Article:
Landscape painting should be, par excellence, the privileged genre of the star of the day. But, for centuries, the landscape remained immersed in a sort of conventional day, corresponding to an overcast sky, free from the disparities of direct light. We only dare to represent it at sunrise and sunset, when its brilliance is less. Rubens, a great landscape painter, or Claude Lorrain, a marvelous interpreter of golden atmospheres and solar mists, are exceptions. But it is the spiritual son of Lorraine, the Englishman Turner, who, during the romantic era, will truly throw the sun into the painting. His palette is ablaze, yellow dominates, the blues are burning and everything is absorbed into an ardent whiteness.
As we know, in the countries of the North, the romantic landscape, even if it was strictly exact as with the German Caspar David Friedrich, is imbued with religious symbolism: the sun refers to the divine presence. And it can take, for artists of expressionist sensibility, such as Edvard Munch, Wilhelm Morgner, Albert Trachsel or Otto Dix, a fantastic and disturbing aspect, commensurate with its immeasurable power. In France, in the 19th century, landscape painters, based on the research of the chemist Chevreul relating to the solar spectrum, and favoring the practice of the open air, endeavored to integrate daylight and the effects of sunshine. , at the cost of a drastic purge of the palette and a relative dissolution of forms.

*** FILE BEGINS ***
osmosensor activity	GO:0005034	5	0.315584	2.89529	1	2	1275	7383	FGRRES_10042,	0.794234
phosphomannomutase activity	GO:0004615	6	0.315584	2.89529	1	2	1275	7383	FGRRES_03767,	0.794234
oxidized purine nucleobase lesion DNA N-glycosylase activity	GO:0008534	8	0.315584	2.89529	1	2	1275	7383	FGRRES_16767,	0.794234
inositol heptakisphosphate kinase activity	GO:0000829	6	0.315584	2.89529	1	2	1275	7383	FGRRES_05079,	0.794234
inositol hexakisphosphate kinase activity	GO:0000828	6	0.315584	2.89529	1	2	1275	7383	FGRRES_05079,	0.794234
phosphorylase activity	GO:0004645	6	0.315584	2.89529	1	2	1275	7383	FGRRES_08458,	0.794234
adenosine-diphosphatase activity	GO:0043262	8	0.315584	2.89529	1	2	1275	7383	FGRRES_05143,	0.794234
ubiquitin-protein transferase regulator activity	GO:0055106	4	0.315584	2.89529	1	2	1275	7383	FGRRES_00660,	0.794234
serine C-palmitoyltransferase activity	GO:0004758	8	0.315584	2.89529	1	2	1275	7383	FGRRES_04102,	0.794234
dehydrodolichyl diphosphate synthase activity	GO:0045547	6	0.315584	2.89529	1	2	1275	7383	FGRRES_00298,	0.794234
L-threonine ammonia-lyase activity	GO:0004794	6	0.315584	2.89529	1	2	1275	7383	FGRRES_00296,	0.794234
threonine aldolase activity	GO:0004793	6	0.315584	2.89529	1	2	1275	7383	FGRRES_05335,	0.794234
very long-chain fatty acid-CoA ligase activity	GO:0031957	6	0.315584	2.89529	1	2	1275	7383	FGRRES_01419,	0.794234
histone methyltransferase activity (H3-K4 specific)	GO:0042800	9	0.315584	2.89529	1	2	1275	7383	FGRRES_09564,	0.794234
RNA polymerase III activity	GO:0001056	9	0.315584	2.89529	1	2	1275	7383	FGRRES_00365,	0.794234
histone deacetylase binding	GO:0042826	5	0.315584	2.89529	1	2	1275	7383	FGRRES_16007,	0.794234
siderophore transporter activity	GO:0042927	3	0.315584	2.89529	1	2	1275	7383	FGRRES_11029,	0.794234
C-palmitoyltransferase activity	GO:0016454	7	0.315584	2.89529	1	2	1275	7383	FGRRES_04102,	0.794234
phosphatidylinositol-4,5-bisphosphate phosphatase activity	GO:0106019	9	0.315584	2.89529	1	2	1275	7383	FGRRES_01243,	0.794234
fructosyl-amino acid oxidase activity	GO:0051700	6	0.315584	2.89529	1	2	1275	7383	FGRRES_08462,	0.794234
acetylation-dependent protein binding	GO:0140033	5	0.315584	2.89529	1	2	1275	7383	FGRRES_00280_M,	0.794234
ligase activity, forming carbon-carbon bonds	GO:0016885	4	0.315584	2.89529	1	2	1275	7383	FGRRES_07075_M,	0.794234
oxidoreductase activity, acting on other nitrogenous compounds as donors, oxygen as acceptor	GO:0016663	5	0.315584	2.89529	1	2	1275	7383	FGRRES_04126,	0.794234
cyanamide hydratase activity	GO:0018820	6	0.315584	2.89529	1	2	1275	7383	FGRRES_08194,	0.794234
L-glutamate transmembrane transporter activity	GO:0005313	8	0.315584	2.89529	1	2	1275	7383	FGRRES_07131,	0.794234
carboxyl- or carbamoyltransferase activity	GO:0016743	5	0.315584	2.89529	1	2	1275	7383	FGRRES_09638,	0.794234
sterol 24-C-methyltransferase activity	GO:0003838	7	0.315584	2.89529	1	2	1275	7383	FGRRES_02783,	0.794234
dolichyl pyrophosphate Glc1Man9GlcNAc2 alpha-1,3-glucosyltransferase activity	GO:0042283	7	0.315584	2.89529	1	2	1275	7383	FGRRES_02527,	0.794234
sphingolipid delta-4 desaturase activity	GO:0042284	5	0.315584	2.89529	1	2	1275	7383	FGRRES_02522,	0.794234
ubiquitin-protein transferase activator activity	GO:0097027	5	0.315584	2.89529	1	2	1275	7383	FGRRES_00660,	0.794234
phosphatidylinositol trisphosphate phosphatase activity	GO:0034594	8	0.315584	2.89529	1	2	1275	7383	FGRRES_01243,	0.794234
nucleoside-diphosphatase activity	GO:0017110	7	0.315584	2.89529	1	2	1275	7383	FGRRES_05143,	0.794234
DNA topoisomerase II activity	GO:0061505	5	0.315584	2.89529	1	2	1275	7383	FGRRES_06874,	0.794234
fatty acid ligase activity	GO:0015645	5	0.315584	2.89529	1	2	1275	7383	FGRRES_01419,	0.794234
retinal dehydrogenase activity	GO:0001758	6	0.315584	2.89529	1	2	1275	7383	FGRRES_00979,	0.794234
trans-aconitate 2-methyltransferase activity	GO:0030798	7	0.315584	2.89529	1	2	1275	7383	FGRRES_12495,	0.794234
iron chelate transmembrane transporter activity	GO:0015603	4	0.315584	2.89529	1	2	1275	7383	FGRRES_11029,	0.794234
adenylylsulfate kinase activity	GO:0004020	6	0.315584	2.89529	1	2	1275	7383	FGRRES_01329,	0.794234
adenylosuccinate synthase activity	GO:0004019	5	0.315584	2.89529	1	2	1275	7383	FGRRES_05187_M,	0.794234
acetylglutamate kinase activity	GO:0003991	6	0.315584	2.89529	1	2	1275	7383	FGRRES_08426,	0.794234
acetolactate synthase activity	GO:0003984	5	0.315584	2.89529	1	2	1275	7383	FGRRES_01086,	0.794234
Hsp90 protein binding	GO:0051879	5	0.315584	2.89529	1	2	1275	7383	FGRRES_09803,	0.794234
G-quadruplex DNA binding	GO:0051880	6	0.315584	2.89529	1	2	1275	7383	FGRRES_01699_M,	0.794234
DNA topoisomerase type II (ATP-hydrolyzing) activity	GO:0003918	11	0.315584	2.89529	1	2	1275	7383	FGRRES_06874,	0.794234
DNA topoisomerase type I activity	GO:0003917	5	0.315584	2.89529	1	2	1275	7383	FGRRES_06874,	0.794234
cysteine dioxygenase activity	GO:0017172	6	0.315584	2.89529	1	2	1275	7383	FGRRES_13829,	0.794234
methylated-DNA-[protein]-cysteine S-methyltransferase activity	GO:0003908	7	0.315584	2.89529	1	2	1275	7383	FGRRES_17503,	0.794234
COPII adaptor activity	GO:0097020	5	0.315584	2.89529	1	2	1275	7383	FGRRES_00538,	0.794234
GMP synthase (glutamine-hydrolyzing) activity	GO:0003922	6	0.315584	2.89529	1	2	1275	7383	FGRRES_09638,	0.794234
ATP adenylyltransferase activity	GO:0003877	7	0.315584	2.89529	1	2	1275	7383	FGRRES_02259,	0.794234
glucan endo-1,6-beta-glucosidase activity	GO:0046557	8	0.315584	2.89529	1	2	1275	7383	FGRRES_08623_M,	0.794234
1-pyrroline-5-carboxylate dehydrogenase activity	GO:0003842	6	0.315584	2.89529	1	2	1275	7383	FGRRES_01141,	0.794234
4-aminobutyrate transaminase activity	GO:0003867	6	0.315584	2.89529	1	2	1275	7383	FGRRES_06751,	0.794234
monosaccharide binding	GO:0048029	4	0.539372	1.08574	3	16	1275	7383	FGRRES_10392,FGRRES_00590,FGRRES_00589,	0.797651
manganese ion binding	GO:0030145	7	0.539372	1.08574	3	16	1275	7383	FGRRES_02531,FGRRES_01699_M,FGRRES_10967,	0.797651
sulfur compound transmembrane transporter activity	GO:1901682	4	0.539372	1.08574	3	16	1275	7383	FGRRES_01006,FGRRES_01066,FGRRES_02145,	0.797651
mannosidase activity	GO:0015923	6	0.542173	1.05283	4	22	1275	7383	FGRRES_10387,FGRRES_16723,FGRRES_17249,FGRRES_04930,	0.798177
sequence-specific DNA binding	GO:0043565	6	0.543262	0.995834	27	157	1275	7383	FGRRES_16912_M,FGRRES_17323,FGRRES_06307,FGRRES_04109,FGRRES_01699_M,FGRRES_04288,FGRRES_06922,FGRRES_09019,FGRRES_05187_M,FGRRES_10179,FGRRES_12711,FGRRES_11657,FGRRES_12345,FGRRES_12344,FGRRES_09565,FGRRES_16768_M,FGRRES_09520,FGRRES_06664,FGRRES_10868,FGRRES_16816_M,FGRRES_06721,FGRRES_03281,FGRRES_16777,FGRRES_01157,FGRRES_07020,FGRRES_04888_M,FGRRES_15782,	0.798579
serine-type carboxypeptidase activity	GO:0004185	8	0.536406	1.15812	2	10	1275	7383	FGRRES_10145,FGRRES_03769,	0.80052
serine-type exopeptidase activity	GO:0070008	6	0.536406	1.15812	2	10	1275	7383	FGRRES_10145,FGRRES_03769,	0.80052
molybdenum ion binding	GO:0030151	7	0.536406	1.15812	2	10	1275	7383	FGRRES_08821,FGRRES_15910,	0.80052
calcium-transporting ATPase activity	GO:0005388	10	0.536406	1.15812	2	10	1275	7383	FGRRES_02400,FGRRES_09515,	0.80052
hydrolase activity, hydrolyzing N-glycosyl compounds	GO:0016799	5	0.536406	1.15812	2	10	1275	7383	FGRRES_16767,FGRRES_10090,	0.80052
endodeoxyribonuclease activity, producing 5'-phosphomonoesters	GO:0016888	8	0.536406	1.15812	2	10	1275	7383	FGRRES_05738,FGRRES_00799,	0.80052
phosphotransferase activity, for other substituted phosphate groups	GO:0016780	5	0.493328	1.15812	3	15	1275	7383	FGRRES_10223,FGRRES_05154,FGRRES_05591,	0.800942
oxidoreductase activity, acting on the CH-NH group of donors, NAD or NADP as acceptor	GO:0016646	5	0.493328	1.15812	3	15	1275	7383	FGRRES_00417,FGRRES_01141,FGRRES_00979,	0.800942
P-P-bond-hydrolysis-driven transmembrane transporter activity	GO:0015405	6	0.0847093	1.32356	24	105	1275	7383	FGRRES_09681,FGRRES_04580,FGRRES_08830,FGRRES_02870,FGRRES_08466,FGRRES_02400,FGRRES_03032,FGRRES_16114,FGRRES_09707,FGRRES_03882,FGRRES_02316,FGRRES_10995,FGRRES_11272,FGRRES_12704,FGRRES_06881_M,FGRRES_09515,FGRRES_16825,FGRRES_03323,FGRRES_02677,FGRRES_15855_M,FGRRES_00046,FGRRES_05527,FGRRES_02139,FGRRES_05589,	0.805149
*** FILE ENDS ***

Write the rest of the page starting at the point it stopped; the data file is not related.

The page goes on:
In the history of representations of the sun, Claude’s canvas Monet Print, rising sun occupies a prominent place. It signs a sort of secret pact between the star, represented by a red-orange dot, and modern painting; for, reduced to a few signs placed on pure colored harmonies, the painting, painted around 1873, is dazzlingly modern. From the Impressionists to the Pointillists and the Fauves, we see the sun invade painting, producing the advent of pure color, which reached its apotheosis with abstract painters like Sonia and Robert Delaunay. And such could be the final word in the solar history of painting: the ardent song of pure color.
“Facing the Sun. A star in the arts”,
Marmottan Monet Museum
2, rue Louis-Boilly, Paris
from September 21 to January 29
Exhibition in partnership with the Barberini Museum in Potsdam
from February 25 to June 11, 2023
The catalog of the exhibition,
collective work, Hazan editions
240 pages, €35
The special issue that
“Knowledge of the Arts”
devoted to the exhibition
No. 994, 44 pages, €10
We wish to say thanks to the writer of this write-up for this amazing web content
Art Facing the Sun from Ancient Egypt to Monet: History and Symbolism of a Fascinating Star | Knowledge of the Arts
Check out our social media profiles , as well as other pages related to it.https://nimblespirit.com/related-pages/